The American Psychological Association has released its long-awaited revision of the Diagnostic and Statistical Manual. The on-line draft is available for review and comment until its publication in May 2012.
Dr Bob voiced reservations about a few of the changes, some of them substantive, but those that affect me will remain relatively intact. I was especially interested in diagnosis #301.81, Narcissistic Personallity Disorder, because I know people with the affliction. If you know an NPD, you know why it might be worthwhile staying abreast of the latest professional perspectives. Among all the classes and categories of psychological dysfunction, NPDs may be among the least likely to seek treatment because they simply don’t see themselves as ill. There is surprisingly little you can do for an NPD except put as much distance between the two of you as possible.
A couple years ago Howard wrote two articles about an NPD of his acquaintance, Marielle Leer, whose story has an update.
“A few figs from thistles…”
by Howard A. Tabor
Last week I got a letter from an old friend in Chicago, someone I worked with forty years ago at the start of my career in journalism. Tom Milauskas hired me for a newspaper job right after college and shared his investigative and research skills with a kid who knew less than nothing. I’m forever grateful to Tom for his wisdom and his friendship.
Two years ago I wrote here about Mary Ellen Leer, a high school classmate of sorts, who had only come back to life through an anonymous packet of receipts and snapshots that reconstructed a tragic weekend. Tom Milauskas had helped me locate information on Leer in Chicago and he recently found another odd footnote to her story.
An eye for an eye
Crime is no stranger to Chicago. Gang-related activities, racial tension, the growing disparity between those who have and who have not; they are endemic to large populations (and, perhaps, the stuff of “class warfare”?). I had come to Chicago shortly after the Summer of 1968.
One of the crimes I recall long after I had returned home for an opening at The Plantagenet was overlooked by many, I suspect: the murder of Lenny Brookes, a Black man found dead in the serviceway of a southside three-story Chicago apartment building. The neighborhood was scheduled for “renewal,” though the sort of “improvement” that would rise there was hardly a paradigm of social housing. Newer ain’t necessarily better.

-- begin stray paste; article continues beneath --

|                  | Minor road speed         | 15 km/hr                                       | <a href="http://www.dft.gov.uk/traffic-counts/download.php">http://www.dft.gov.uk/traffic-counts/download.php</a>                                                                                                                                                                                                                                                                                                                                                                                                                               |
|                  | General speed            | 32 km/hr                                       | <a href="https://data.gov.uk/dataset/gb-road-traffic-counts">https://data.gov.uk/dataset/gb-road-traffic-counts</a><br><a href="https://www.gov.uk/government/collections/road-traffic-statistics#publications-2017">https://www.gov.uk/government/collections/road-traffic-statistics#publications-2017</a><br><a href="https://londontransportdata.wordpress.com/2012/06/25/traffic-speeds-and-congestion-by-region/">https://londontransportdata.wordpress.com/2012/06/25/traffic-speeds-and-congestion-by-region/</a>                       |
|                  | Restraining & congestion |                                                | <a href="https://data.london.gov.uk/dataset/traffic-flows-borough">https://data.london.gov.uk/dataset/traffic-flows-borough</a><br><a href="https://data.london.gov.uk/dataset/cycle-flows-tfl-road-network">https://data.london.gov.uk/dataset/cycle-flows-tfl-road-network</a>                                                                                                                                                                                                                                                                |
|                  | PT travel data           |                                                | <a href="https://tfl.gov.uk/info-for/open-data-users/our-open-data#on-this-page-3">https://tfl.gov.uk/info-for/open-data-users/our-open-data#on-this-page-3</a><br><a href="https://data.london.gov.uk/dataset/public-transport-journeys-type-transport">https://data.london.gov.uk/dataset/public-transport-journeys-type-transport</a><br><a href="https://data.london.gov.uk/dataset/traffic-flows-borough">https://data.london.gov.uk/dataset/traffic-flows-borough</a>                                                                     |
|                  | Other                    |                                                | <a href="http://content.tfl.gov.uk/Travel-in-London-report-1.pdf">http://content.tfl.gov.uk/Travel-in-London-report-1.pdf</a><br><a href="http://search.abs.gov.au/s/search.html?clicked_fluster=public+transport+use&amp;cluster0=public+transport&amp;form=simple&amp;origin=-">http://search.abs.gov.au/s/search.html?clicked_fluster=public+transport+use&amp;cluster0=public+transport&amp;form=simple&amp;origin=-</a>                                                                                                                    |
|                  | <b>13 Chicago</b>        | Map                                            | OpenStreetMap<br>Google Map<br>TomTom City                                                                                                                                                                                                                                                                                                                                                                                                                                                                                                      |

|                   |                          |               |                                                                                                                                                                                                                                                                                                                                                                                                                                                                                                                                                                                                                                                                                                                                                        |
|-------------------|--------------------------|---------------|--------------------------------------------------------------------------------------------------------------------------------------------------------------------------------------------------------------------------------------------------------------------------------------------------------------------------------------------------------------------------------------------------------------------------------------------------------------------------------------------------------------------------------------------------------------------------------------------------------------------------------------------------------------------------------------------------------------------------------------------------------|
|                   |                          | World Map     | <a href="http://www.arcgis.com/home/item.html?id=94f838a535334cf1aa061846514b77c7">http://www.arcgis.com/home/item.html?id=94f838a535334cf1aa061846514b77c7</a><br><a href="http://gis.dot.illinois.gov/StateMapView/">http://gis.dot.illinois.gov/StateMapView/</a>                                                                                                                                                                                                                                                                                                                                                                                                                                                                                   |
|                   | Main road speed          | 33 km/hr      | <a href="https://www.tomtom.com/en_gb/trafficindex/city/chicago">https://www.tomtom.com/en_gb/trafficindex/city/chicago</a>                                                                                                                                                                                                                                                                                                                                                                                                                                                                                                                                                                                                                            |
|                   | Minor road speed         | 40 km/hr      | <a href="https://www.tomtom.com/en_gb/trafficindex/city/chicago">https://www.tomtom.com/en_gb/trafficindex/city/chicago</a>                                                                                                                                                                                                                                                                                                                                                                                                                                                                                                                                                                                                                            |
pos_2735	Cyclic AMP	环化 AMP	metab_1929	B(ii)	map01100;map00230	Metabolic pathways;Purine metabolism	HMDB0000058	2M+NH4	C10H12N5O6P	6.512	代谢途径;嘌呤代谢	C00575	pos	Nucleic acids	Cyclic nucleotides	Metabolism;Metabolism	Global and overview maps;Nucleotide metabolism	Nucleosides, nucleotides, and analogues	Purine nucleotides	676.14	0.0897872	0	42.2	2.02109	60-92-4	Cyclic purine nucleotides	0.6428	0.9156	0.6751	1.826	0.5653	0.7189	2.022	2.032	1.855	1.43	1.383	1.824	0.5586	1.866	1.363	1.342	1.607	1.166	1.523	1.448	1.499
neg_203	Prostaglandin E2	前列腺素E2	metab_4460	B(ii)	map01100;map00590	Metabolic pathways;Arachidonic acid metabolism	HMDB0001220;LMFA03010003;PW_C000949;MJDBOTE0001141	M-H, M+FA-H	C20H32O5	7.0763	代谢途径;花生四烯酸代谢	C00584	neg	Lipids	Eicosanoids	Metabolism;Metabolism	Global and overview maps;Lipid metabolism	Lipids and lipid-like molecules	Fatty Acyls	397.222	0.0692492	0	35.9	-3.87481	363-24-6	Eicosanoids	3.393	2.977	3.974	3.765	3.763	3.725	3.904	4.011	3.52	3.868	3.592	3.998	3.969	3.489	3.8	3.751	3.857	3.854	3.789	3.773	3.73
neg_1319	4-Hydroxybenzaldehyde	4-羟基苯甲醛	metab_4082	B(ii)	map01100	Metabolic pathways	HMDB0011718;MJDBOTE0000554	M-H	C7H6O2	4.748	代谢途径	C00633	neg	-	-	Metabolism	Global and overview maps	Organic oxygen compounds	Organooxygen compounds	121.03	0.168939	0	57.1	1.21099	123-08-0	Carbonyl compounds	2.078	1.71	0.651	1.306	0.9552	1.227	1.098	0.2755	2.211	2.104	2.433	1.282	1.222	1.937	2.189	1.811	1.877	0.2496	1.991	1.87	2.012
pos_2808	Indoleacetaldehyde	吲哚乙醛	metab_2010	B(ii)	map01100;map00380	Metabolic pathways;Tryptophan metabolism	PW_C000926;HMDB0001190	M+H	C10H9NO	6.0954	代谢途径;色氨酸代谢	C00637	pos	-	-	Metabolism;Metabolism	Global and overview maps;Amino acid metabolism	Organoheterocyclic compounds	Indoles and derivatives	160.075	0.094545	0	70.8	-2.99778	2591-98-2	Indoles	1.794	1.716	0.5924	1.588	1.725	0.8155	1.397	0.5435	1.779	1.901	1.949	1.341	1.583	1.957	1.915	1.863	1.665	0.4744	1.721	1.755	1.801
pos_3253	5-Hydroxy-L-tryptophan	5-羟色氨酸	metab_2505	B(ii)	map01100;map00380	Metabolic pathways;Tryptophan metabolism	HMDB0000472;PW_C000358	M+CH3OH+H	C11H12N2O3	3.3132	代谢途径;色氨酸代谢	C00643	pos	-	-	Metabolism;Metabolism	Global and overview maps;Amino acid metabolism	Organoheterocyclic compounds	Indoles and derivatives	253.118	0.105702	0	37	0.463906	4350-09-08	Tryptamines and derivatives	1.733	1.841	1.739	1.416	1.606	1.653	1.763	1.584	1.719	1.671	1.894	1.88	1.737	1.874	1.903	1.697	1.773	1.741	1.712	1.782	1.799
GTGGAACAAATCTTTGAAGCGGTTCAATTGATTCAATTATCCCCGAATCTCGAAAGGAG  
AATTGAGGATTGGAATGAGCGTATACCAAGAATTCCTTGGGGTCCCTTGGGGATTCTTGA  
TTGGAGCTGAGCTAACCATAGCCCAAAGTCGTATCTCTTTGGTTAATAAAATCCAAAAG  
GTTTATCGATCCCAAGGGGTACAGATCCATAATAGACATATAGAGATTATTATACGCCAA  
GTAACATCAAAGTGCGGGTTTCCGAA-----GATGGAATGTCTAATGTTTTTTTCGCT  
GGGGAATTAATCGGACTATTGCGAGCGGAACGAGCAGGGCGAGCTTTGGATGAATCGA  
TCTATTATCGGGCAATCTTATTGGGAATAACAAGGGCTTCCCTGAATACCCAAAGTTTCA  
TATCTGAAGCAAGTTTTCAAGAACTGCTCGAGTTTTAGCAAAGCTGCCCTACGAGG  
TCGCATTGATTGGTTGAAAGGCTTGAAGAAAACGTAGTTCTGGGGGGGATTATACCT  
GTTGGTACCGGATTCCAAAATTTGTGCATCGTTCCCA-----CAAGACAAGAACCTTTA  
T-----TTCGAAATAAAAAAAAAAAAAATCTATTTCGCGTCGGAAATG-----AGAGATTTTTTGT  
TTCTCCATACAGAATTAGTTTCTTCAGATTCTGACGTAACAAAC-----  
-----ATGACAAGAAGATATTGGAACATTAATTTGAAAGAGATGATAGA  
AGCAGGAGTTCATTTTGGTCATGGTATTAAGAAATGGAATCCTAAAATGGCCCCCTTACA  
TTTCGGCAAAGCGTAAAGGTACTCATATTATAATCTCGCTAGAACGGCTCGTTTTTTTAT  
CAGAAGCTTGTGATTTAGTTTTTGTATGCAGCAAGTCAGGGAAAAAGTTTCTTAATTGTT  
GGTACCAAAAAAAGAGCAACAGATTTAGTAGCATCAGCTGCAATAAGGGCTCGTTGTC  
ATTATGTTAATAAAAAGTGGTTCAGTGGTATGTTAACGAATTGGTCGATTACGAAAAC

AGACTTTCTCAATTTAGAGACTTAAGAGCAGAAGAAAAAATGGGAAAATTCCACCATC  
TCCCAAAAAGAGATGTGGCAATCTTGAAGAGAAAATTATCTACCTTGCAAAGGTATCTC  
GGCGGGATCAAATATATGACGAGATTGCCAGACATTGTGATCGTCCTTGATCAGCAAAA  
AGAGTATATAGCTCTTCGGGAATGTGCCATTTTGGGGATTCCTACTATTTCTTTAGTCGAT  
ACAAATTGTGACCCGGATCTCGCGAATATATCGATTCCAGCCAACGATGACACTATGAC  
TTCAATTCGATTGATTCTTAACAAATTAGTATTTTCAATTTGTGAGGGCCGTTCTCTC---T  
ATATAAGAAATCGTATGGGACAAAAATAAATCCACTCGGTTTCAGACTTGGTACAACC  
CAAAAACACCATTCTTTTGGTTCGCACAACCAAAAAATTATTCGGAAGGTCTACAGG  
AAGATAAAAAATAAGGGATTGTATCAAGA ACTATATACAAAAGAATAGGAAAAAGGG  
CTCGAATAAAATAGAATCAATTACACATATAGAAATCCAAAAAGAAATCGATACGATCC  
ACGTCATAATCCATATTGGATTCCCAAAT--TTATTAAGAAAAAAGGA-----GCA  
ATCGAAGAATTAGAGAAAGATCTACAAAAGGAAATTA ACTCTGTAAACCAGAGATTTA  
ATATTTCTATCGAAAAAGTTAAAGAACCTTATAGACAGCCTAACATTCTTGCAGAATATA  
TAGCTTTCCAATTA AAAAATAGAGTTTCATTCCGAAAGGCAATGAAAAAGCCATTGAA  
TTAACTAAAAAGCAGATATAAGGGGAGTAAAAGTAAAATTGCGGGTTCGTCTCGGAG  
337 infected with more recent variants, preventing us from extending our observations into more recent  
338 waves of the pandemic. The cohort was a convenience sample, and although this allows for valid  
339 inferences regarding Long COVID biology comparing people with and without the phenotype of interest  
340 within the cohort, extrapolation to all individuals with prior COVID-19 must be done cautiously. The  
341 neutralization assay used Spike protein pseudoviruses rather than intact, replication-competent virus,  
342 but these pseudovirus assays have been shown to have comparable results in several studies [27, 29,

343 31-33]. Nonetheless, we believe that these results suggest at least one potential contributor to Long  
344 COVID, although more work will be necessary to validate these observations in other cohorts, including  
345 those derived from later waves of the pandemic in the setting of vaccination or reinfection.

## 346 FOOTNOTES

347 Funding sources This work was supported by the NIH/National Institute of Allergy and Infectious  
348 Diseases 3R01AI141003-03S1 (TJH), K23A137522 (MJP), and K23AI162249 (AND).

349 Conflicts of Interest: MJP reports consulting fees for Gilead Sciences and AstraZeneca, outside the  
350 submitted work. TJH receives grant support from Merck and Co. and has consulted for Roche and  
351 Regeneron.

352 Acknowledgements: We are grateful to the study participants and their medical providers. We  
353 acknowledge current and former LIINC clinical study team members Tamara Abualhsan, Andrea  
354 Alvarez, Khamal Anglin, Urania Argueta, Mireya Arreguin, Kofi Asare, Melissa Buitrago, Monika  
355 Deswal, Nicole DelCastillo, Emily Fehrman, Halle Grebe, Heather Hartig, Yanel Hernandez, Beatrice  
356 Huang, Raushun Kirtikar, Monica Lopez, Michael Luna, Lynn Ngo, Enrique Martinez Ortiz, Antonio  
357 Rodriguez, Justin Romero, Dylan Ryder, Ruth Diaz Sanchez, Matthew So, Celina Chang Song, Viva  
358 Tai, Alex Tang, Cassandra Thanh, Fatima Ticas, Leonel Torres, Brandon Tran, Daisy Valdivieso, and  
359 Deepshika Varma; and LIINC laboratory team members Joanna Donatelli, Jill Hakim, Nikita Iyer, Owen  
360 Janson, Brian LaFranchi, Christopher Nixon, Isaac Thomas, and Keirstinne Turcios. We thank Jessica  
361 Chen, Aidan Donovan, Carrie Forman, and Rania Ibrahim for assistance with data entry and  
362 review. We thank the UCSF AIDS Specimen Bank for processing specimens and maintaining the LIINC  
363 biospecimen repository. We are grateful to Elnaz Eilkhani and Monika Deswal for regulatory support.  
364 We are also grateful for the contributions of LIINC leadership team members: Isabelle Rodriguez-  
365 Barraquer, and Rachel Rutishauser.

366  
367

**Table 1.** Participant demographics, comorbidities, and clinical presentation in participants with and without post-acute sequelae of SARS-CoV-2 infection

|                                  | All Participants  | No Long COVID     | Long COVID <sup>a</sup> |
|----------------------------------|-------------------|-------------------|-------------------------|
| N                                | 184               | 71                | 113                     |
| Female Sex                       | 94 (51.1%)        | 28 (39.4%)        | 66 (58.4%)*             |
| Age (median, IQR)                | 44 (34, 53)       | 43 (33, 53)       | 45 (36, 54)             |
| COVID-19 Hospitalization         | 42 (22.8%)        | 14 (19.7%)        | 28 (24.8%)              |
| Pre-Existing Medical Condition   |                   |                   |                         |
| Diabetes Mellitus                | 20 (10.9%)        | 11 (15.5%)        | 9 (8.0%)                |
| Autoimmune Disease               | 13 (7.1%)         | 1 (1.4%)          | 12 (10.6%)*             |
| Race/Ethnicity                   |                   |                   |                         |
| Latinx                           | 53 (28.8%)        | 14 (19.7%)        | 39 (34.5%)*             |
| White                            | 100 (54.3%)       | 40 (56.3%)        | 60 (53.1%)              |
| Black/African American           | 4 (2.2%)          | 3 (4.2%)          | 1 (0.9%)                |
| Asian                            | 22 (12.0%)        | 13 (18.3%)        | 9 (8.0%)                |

Brookes had been found in the morning, with a single stab wound—from something like a screwdriver or ice pick—deftly swung upward through the ribs directly into the heart. Brookes had barely enough time to realize he was about to die. Inept police work sought a convenient candidate for a short and inevitably dirty trial. Public sentiment in the 70s wanted quick justice and, in this case, they got it. Mike Gerulis, a serviceman for the power company—Commonwealth Edison—had made a service call at that address late in the afternoon and some of his tools were found in the dark passage that lead to a rear stairway. Gerulis’ trial was a showpiece of judicial theater: an eye for an eye, with little concern for whose eye was put out.
“An eye for an eye.” Few people ever complete the biblical quote, however, which goes on “Vengeance is mine, sayeth the Lord of Hosts.” But that’s an article for another day. Gerulis remained in jail for more than ten years, an American Death Row domino on the slow track to vengeance, and was executed twelve years after the crime. So much for Mike Gerulis and his family—except that fellow Lithuanian-American and journalist Tom Milauskas was on the case.
Long before “cold case files” became popular TV fare, Tom pursued the case of his countryman Gerulis. A police contact in Florida wrote to share the story of Dale Sims, a woman who had died in Florida’s “redneck Riviera” in 1998. Sims had made a deathbed confession to a crime she’d committed decades earlier: a murder on Chicago’s south side while she worked as recruiter for a modeling school.
Sims had an appointment one evening with a family who hoped their child might get work modeling for catalog companies like Sears, J C Penney and Montgomery Ward. Fearful of evening meetings in downscale neighborhoods, Sims habitually carried an ice pick in her purse. That evening, suspecting something foul about the situation, she held the pick firmly in her hand while following the directions she’d been given. Halfway along the unlit corridor, a man lunged and she countered with a swift upswing of the pick.
Tom has verified much of the story passed on by Florda authorities and has posed this alternative story almost thirty years after the facts. Gerulis may yet be vindicated. But hidden in his files was a minor revelation about Marielle Leer.
More about that next week. In the meantime, make your judgments with due diligence. Please.